While pharmacological therapy may effectively treat some of the biopyschological variables of depression, what about the psychosocial aspects? Just because there are now more “feel good” chemicals floating around in their neural synapses than there were before the person may still think, act and live the lifestyle of a depressed individual because that is how they have learned to behave through the majority of their life experience. Just because they do not necessarily have a biological reason why they are no longer depressed all the time this does not magically grant them social behaviors they rarely used before, or change their lifestyle from one of sheer laziness to one of prosocial activity overnight. These behaviors become so ingrained in what makes the person who they are that they do not change without significant effort and thought on their part. That is where behavioral and cognitive therapies should be utilized to achieve the most effective treatment of the overall variables of depression. The most common types or branches of behavioral cognitive therapy are known as Behavioral Activation (BA), Cognitive Therapy (CT) and the various combinations of the two known collectively as Cognitive-Behavioral Therapy (CBT or sometimes confusingly just lumped into the CT package). Behavioral activation is based on the matching law, similar to the law of effect, that suggests that behavior is maintained by its consequences (Lejuez et al.). Depressive behavior, which usually consists of a lack of activity, is slowly and systematically replaced with prosocial behaviors. The therapist will ask the participant to make some goals for themselves to achieve over the course of the week, month or year to come. These goals are ranked on a 1-5 scale based on the perceived difficulty according to the patient through functional behavior assessment (FBA). The rank 1 goals are relatively easily attainable, things like getting out of bed, taking a shower or doing the dishes. Throughout the treatment these goals are slowly replaced with more difficult tasks such as interacting with strangers, exercising daily, eating better, joining a book club and on and on. The idea being that the person can not possibly ruminate on sad, depressing and potentially self-destructive thoughts as much when they are doing something productive rather than escaping, avoiding or withdrawing from life by just laying in bed. While this may not completely treat the more extreme forms of depression it works very well for some. BA helps people begin to access sources of positive reinforcement in their lives and can vastly reduce relapse.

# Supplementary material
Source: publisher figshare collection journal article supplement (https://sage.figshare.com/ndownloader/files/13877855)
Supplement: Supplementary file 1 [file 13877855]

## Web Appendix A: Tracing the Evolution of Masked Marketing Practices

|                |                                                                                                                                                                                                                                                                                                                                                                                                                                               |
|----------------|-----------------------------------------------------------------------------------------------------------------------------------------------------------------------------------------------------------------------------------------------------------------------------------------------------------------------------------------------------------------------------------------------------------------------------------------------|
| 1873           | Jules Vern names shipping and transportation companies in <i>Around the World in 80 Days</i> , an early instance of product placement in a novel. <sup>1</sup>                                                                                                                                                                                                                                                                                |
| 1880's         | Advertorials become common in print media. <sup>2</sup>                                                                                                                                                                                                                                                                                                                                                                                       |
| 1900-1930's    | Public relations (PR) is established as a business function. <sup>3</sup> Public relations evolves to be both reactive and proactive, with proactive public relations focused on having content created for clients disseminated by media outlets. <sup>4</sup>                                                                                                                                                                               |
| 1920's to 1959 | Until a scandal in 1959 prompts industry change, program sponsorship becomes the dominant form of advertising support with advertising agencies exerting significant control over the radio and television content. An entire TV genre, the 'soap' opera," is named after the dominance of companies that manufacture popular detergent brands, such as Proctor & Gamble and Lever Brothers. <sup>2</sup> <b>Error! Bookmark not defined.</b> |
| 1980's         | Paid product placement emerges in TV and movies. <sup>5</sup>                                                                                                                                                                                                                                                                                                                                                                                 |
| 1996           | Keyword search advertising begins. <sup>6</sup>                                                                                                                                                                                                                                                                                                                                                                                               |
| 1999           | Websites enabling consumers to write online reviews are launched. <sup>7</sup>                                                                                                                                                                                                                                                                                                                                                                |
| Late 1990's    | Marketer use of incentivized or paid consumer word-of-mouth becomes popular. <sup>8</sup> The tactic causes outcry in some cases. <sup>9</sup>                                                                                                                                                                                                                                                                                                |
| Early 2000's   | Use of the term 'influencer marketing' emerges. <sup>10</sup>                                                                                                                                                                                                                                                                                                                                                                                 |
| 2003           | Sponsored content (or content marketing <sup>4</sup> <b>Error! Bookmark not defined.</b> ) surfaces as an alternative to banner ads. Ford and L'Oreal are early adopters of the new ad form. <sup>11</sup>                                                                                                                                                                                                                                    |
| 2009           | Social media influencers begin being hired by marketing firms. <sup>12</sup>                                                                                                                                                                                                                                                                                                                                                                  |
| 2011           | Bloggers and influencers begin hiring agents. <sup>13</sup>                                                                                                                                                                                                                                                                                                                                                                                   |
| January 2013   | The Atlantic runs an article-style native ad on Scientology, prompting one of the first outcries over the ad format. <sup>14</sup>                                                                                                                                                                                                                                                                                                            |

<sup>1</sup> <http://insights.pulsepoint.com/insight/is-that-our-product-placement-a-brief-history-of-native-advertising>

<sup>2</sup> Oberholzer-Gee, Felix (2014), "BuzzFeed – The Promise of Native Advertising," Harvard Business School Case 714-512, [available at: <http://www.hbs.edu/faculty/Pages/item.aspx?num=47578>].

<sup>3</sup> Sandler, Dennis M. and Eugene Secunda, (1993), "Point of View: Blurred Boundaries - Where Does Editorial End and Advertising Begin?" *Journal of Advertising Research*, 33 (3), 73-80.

Behavioral activation was originally developed as a stand alone treatment to help people reengage but was eventually integrated into the CT (or CBT) package developed by Beck, Rush, Shaw and Emery. The CT package was designed to produce change in negative attitudes by analyzing and altering thoughts (Jacobson, Martell, Dimidjian). The idea being that repetitive negative thinking, associated with increased limbic activity and decreased activity in the prefrontal cortex, is a causal role in depression. If the maladaptive thinking were to be corrected the individuals depression would be corrected. The data of one study that compared these two forms of therapy with various antidepressants showed CT to be far more effective and less prone to extinction than antidepressant medications on their own (DeRubeis, Siegle & Hollon). While the data of another study by a couple of the same researchers (DeRubeis et al. “Cognitive Therapy vs Medications in the Treatment of Moderate to Severe Depression”) showed CT to be at least an equally effective treatment when compared to medication. This study had a much larger population than the first, 250 participants, randomly placed into one of three groups, these consisted of either CT, ADM or control/placebo. The placebo/control group is added to potentially eliminate the third variable problem since these participants are not receiving treatment at all, they are in fact only being given sugar pills, but are lead to believe that they are being treated with antidepressants.

In closing there is still much research to be done to determine exactly which therapy or combination of therapies are the most effective for each individual suffering through life with depression. However just because antidepressant medication seems to be the easiest and most cost effective way, at least according to the APA and insurance companies, that does not mean it is the only or the longest lasting method. The more traditional forms of behavior and cognitive therapy may take more time to grant results when compared to medication but it is only because the patient is receiving the cognitive and behavioral tools to cope with and possibly eventually treat their depression without the reliance on psychotropic, brain-altering pharmaceuticals. They are slowly changing the fundamental ways in which they view and interact with the world around them organically. Since the patient is not reliant on a drug to maintain happiness and fend off the darkness of depression, if/when they achieve said happiness it is truly their achievement. They can not just run out of pills and fall back down into the pit of despair, instead they will have built a powerful system, tailor made for them with their help. So if they start to feel themselves slipping back into the shadows they know exactly what target behaviors to focus on and how to address their darker thoughts. Because of their behavioral training and understanding of their cognizance the person truly has mastery over their own entirely unique form of depression, something that no drug can provide.